Monographic special issue:
Agro FOOD Industry Hi Tech
- vol. 28(2) - March/April 2017
KEYWORDS: Health, stress, hormesis, longevity, nutrition, food, healthy ageing.
Is ageing a disease that needs to be treated with anti-ageing therapies, or should ageing be considered a
consequence of life and its imperfect processes of maintenance and repair, which can bemodulated to some
extent. A promising healthy ageing approach is that of hormesis through repeated exposure tomild stress. Physical andmental exercise, spices
andmicronutrients, andmental and social challenges are possible hormetins for maintaining health and enjoying healthy old age.
Anti-, Pro- or Healthy-Ageing?
We, the biogerontologists, are divided in two groups.
One group labels ageing and old age as a disease, and
so supports the notion of “anti-ageing” for the treatment
or prevention of such a universal disease. The other
group, with which I identify myself, considers ageing as a
continuum of life processes, and advocates its effective
management and embracing. There is yet another
group, not of biogerontologists but of some existentialist
philosophers, puritans and their likes, who even consider
ageing and old age as the prime driver of human creativity
and meaning of life embedded in the brevity and finitude
of life. They are the pro-ageing ones.
Whereas the rhetoric “waging war against ageing” or
“eliminating ageing” can be attractive for its money-
making perspective, this often disregards the hard-gained
understanding of the biological and evolutionary basis
of ageing. Biogerontological research performed during
the last half-century has shown that there are no definitive
and deterministic causes of ageing. The very act of living
carries with it the seeds of its ultimate demise. Numerous
free radicals and other reactive oxygen species formed
on breathing induce damage in DNA, RNA, proteins and
other molecules. The metabolic processes following feeding
also generate a variety of dangerous and damaging
metabolites. And the complex biochemical processes are
always prone to make mistakes by chance.
No wonder that evolution has developed matching
processes of maintenance and repair system (MARS) to
keep in check the sources of damage and destruction.
MARS, however, is not perfect. Evolution has made MARS
just good enough to assure the survival of the species until
reproduction and continuation of generations. This period
of survival is called the essential lifespan (ELS) of the species.
For us, the
Homo sapiens,
ELS is around 45 years. But the
life of an individual does not come to a sudden end at 45.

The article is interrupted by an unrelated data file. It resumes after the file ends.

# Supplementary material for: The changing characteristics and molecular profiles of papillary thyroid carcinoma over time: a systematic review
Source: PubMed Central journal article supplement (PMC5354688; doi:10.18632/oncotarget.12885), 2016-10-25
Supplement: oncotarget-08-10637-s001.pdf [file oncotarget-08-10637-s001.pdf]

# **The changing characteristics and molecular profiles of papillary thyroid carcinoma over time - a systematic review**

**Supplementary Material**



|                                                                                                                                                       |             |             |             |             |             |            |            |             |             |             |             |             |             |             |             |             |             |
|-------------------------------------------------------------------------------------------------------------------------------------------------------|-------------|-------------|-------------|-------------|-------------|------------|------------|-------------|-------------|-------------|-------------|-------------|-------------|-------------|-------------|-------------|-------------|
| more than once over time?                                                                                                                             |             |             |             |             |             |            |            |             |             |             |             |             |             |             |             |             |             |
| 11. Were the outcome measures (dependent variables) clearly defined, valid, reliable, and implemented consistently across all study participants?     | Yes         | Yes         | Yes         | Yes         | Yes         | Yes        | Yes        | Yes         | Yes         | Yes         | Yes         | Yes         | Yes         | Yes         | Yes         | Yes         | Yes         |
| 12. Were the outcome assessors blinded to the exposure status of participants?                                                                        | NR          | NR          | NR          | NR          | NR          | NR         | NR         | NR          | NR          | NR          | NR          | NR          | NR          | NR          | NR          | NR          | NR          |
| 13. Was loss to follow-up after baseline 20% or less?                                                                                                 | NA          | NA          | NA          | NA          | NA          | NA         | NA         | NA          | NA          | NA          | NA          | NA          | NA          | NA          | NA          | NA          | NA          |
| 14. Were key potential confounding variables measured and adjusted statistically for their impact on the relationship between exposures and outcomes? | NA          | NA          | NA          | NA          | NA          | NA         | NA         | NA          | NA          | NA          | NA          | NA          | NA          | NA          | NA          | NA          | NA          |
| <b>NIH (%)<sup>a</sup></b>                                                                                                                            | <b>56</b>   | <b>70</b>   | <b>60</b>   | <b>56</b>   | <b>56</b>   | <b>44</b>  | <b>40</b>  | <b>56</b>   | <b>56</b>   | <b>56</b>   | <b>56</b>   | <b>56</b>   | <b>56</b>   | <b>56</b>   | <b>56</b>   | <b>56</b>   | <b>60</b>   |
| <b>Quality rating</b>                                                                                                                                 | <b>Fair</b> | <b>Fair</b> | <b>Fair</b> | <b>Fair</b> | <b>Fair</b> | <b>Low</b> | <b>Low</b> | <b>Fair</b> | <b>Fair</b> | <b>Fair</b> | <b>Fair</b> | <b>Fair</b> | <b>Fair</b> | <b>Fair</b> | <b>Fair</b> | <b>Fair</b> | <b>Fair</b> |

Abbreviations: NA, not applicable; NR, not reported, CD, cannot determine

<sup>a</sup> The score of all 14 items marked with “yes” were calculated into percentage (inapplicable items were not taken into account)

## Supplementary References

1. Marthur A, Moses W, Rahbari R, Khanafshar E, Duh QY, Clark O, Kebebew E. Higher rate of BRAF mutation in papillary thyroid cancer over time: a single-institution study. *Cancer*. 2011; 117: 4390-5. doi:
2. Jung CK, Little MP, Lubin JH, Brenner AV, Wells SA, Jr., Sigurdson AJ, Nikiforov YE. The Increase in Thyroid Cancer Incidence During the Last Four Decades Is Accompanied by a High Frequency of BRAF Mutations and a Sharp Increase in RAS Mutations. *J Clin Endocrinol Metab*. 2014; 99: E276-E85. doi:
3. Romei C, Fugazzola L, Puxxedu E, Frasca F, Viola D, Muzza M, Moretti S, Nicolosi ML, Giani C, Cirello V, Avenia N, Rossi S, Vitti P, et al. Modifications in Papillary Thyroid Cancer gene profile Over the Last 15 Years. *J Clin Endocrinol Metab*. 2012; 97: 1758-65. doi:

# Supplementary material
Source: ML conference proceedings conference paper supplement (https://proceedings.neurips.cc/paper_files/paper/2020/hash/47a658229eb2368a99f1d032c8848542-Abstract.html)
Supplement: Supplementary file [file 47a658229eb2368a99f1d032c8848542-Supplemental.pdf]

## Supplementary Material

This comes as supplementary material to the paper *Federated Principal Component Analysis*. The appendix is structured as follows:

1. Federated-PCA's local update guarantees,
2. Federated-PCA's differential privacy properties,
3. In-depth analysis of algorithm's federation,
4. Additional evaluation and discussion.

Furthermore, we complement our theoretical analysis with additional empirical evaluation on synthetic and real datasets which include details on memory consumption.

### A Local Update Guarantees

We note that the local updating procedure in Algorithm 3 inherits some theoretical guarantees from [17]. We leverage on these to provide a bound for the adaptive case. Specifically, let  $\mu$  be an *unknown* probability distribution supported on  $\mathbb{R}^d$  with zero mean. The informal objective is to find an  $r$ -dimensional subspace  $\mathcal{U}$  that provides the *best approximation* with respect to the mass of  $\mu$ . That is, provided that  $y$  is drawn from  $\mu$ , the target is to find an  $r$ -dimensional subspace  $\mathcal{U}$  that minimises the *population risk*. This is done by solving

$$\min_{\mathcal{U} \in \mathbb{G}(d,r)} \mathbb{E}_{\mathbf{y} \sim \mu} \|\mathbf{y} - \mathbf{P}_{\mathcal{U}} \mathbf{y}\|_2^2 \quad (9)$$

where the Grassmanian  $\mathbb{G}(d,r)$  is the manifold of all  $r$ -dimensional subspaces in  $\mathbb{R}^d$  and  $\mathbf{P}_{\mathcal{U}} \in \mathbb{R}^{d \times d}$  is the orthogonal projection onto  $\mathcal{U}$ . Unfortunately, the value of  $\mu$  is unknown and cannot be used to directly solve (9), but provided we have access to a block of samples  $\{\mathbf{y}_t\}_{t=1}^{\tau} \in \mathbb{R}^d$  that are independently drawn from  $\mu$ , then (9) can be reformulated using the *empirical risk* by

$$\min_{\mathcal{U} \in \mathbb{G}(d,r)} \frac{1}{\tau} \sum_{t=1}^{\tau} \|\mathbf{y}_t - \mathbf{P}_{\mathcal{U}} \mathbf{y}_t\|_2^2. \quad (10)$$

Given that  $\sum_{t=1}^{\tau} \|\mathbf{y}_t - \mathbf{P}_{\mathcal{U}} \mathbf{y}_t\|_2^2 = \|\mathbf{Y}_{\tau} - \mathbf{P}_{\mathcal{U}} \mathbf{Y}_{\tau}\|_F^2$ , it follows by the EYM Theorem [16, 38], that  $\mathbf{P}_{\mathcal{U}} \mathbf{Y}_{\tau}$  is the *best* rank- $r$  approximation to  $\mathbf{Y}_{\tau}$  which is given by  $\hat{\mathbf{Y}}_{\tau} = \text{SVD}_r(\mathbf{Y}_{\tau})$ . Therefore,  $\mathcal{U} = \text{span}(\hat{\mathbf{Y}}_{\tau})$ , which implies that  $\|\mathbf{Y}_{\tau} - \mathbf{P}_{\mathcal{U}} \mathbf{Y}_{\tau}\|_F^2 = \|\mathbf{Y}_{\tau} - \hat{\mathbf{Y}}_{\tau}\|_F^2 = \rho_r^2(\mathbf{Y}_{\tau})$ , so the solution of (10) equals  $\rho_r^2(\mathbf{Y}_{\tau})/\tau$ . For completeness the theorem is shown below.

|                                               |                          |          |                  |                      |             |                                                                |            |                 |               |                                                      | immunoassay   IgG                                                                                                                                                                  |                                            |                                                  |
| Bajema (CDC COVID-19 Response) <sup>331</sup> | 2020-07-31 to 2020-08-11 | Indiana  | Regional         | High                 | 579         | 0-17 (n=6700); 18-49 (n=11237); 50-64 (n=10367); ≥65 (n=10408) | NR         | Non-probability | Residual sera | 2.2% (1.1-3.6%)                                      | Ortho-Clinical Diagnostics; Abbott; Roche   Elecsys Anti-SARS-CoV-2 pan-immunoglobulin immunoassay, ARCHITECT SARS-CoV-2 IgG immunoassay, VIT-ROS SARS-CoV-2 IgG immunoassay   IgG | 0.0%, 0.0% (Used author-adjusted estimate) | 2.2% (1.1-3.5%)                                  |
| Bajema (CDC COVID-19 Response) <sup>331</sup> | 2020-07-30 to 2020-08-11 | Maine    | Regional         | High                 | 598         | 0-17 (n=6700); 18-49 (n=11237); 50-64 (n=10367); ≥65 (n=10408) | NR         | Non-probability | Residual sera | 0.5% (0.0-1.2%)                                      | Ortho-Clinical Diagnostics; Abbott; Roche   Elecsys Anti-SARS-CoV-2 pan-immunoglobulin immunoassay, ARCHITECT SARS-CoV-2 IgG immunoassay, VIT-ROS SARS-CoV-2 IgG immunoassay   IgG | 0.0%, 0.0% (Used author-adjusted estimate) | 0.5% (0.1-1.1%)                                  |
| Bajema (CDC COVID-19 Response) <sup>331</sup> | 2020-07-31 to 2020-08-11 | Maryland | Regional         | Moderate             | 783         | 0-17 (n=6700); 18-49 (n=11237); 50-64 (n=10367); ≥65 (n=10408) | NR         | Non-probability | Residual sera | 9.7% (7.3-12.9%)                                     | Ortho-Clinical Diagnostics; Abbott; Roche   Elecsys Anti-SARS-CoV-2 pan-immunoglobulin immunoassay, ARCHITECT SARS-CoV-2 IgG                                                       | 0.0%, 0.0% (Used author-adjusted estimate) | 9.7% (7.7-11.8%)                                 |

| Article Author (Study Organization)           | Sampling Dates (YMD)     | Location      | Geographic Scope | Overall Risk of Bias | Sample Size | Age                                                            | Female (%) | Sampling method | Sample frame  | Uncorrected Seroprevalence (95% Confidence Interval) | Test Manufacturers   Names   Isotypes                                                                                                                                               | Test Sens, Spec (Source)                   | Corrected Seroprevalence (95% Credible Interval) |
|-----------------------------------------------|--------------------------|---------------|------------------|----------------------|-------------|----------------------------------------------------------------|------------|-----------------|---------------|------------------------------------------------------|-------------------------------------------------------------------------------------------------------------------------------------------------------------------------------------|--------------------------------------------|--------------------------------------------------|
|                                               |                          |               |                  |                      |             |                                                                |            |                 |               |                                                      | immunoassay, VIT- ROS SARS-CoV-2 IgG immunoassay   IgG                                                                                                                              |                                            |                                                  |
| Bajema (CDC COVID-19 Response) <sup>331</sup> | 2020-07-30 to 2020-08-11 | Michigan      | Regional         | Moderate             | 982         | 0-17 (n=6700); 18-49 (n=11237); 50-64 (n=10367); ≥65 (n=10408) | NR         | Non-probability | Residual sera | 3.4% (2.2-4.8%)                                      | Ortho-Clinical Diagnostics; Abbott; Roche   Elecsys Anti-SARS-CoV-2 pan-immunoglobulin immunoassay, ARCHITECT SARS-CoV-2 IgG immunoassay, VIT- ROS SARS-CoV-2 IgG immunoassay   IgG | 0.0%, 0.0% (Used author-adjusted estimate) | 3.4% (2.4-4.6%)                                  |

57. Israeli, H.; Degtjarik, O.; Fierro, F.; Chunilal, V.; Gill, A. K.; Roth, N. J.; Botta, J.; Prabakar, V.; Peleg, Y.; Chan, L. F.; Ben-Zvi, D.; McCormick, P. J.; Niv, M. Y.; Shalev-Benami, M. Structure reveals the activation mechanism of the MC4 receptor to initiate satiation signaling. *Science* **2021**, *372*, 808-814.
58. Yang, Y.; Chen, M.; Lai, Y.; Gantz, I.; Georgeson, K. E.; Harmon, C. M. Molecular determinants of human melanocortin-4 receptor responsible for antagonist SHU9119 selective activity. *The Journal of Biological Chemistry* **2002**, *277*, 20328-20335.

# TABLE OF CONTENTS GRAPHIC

Evolution has not inserted any genetic time-bombs to end
life in one go. Instead, continuing to live beyond ELS allows
the imperfections of MARS to manifest as signs of ageing,
including age-related impairments, frailty and diseases.
Thus, sooner or later our wishful fantasy of unlimited life
comes face to face with the reality of our biology of millions
of years of evolution.
What we can hope to do best, without re-designing the body
that our species has got through evolution, is to develop
means and methods to maintain MARS and slow down its
rate and extent of failure. Such methods surely involve using
medicine and technology of every kind, including feel-good
cosmetic products, nutritional supplements, health monitoring
devices, mobility-enhancing tools and other gadgets to
support physical and mental independence in activities
of daily living. This is the approach of healthy-ageing as
opposed to anti-ageing which implies treatment, reversion
and possibly a complete halt.
A promising healthy ageing approach is that of hormesis
through mild stress. Whereas chronic, severe and unwanted
stress is a health-hazard, low level and repeated “stress of
choice” is health-beneficial. Cellular responses to mild stress
protect the body and strengthen MARS. These hormesis-
inducing conditions are categorised as nutritional-,
physical- and mental hormetins. Spices and micronutrients
are nutritional hormetins. Life style practices, such as
physical exercise, sauna, breath control, mental challenges
and proactive social engagement, are examples of
physical and mental hormetins.
Our wisdom is in dealing with the continuum of life and
acknowledging its eventual demise. Denial of ageing of
our complex, but imperfect, evolutionary bodies does
not make it any better. Approaching old age with fear,
hatred and anti-ageing anger only worsens the reality. We
can learn, adopt, nurture and practice reliable methods
for embracing old age and experience healthy ageing
with confidence and dignity. Scientific and technological
developments will surely bring many more and highly
effective means of helping us to achieve all that. But, first
we need to be free from the stress and anxiety of winning
any war against ageing.
Editor-in-Chief, Biogerontology, Laboratory of Cellular Ageing,
Department of Molecular Biology and Genetics, Aarhus University, Denmark
Suresh Rattan
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